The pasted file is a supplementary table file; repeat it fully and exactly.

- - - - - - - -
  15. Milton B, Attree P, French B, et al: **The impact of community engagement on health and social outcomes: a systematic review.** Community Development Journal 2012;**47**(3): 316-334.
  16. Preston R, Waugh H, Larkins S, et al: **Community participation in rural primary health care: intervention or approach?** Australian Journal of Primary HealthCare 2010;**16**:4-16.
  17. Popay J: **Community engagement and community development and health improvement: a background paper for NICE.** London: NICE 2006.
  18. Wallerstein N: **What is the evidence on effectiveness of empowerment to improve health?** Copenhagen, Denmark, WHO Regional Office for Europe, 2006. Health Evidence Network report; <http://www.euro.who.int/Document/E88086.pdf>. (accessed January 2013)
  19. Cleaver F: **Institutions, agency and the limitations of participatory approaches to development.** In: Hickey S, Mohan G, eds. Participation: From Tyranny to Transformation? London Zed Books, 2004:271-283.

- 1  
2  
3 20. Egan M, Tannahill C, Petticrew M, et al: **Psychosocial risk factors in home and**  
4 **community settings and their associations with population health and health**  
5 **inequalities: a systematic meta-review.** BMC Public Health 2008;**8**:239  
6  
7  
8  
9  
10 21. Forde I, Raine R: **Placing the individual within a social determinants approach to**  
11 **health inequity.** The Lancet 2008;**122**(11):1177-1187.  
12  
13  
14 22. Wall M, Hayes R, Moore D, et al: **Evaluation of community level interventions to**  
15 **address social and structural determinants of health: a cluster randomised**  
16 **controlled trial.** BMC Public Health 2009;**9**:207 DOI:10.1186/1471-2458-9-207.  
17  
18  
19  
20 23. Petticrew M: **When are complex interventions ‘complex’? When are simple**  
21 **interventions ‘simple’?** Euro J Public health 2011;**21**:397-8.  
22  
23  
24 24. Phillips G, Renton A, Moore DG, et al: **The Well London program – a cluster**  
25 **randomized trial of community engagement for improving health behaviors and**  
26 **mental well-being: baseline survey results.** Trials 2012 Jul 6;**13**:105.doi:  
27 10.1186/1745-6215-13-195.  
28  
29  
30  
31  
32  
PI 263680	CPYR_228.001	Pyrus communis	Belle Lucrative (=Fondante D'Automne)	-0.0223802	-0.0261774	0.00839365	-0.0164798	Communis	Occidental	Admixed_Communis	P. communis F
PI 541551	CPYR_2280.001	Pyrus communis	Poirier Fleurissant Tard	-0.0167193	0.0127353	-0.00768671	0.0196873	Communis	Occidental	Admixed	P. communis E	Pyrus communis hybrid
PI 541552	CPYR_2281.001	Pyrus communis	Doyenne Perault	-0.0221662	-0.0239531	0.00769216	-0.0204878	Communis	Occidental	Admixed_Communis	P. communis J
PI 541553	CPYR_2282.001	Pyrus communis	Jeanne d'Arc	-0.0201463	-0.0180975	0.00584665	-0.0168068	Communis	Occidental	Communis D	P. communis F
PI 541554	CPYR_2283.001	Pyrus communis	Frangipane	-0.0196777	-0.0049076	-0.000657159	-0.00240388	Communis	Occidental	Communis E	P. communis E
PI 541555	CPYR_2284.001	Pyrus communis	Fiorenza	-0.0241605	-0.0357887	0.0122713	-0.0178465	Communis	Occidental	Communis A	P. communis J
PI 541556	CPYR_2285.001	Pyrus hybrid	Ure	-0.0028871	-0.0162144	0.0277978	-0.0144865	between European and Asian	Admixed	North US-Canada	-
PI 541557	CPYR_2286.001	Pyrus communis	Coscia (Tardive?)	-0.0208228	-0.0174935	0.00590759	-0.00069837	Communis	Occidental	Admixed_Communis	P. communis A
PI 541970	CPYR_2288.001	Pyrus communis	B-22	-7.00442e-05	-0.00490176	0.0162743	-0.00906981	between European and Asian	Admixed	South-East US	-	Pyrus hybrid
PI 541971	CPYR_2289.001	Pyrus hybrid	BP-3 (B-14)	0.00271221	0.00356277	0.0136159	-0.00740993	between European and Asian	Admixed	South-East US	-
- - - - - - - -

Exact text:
  15. Milton B, Attree P, French B, et al: **The impact of community engagement on health and social outcomes: a systematic review.** Community Development Journal 2012;**47**(3): 316-334.
  16. Preston R, Waugh H, Larkins S, et al: **Community participation in rural primary health care: intervention or approach?** Australian Journal of Primary HealthCare 2010;**16**:4-16.
  17. Popay J: **Community engagement and community development and health improvement: a background paper for NICE.** London: NICE 2006.
  18. Wallerstein N: **What is the evidence on effectiveness of empowerment to improve health?** Copenhagen, Denmark, WHO Regional Office for Europe, 2006. Health Evidence Network report; <http://www.euro.who.int/Document/E88086.pdf>. (accessed January 2013)
  19. Cleaver F: **Institutions, agency and the limitations of participatory approaches to development.** In: Hickey S, Mohan G, eds. Participation: From Tyranny to Transformation? London Zed Books, 2004:271-283.

- 1  
2  
3 20. Egan M, Tannahill C, Petticrew M, et al: **Psychosocial risk factors in home and**  
4 **community settings and their associations with population health and health**  
5 **inequalities: a systematic meta-review.** BMC Public Health 2008;**8**:239  
6  
7  
8  
9  
10 21. Forde I, Raine R: **Placing the individual within a social determinants approach to**  
11 **health inequity.** The Lancet 2008;**122**(11):1177-1187.  
12  
13  
14 22. Wall M, Hayes R, Moore D, et al: **Evaluation of community level interventions to**  
15 **address social and structural determinants of health: a cluster randomised**  
16 **controlled trial.** BMC Public Health 2009;**9**:207 DOI:10.1186/1471-2458-9-207.  
17  
18  
19  
20 23. Petticrew M: **When are complex interventions ‘complex’? When are simple**  
21 **interventions ‘simple’?** Euro J Public health 2011;**21**:397-8.  
22  
23  
24 24. Phillips G, Renton A, Moore DG, et al: **The Well London program – a cluster**  
25 **randomized trial of community engagement for improving health behaviors and**  
26 **mental well-being: baseline survey results.** Trials 2012 Jul 6;**13**:105.doi:  
27 10.1186/1745-6215-13-195.  
28  
29  
30  
31  
32  
PI 263680	CPYR_228.001	Pyrus communis	Belle Lucrative (=Fondante D'Automne)	-0.0223802	-0.0261774	0.00839365	-0.0164798	Communis	Occidental	Admixed_Communis	P. communis F
PI 541551	CPYR_2280.001	Pyrus communis	Poirier Fleurissant Tard	-0.0167193	0.0127353	-0.00768671	0.0196873	Communis	Occidental	Admixed	P. communis E	Pyrus communis hybrid
PI 541552	CPYR_2281.001	Pyrus communis	Doyenne Perault	-0.0221662	-0.0239531	0.00769216	-0.0204878	Communis	Occidental	Admixed_Communis	P. communis J
PI 541553	CPYR_2282.001	Pyrus communis	Jeanne d'Arc	-0.0201463	-0.0180975	0.00584665	-0.0168068	Communis	Occidental	Communis D	P. communis F
PI 541554	CPYR_2283.001	Pyrus communis	Frangipane	-0.0196777	-0.0049076	-0.000657159	-0.00240388	Communis	Occidental	Communis E	P. communis E
PI 541555	CPYR_2284.001	Pyrus communis	Fiorenza	-0.0241605	-0.0357887	0.0122713	-0.0178465	Communis	Occidental	Communis A	P. communis J
PI 541556	CPYR_2285.001	Pyrus hybrid	Ure	-0.0028871	-0.0162144	0.0277978	-0.0144865	between European and Asian	Admixed	North US-Canada	-
PI 541557	CPYR_2286.001	Pyrus communis	Coscia (Tardive?)	-0.0208228	-0.0174935	0.00590759	-0.00069837	Communis	Occidental	Admixed_Communis	P. communis A
PI 541970	CPYR_2288.001	Pyrus communis	B-22	-7.00442e-05	-0.00490176	0.0162743	-0.00906981	between European and Asian	Admixed	South-East US	-	Pyrus hybrid
PI 541971	CPYR_2289.001	Pyrus hybrid	BP-3 (B-14)	0.00271221	0.00356277	0.0136159	-0.00740993	between European and Asian	Admixed	South-East US	-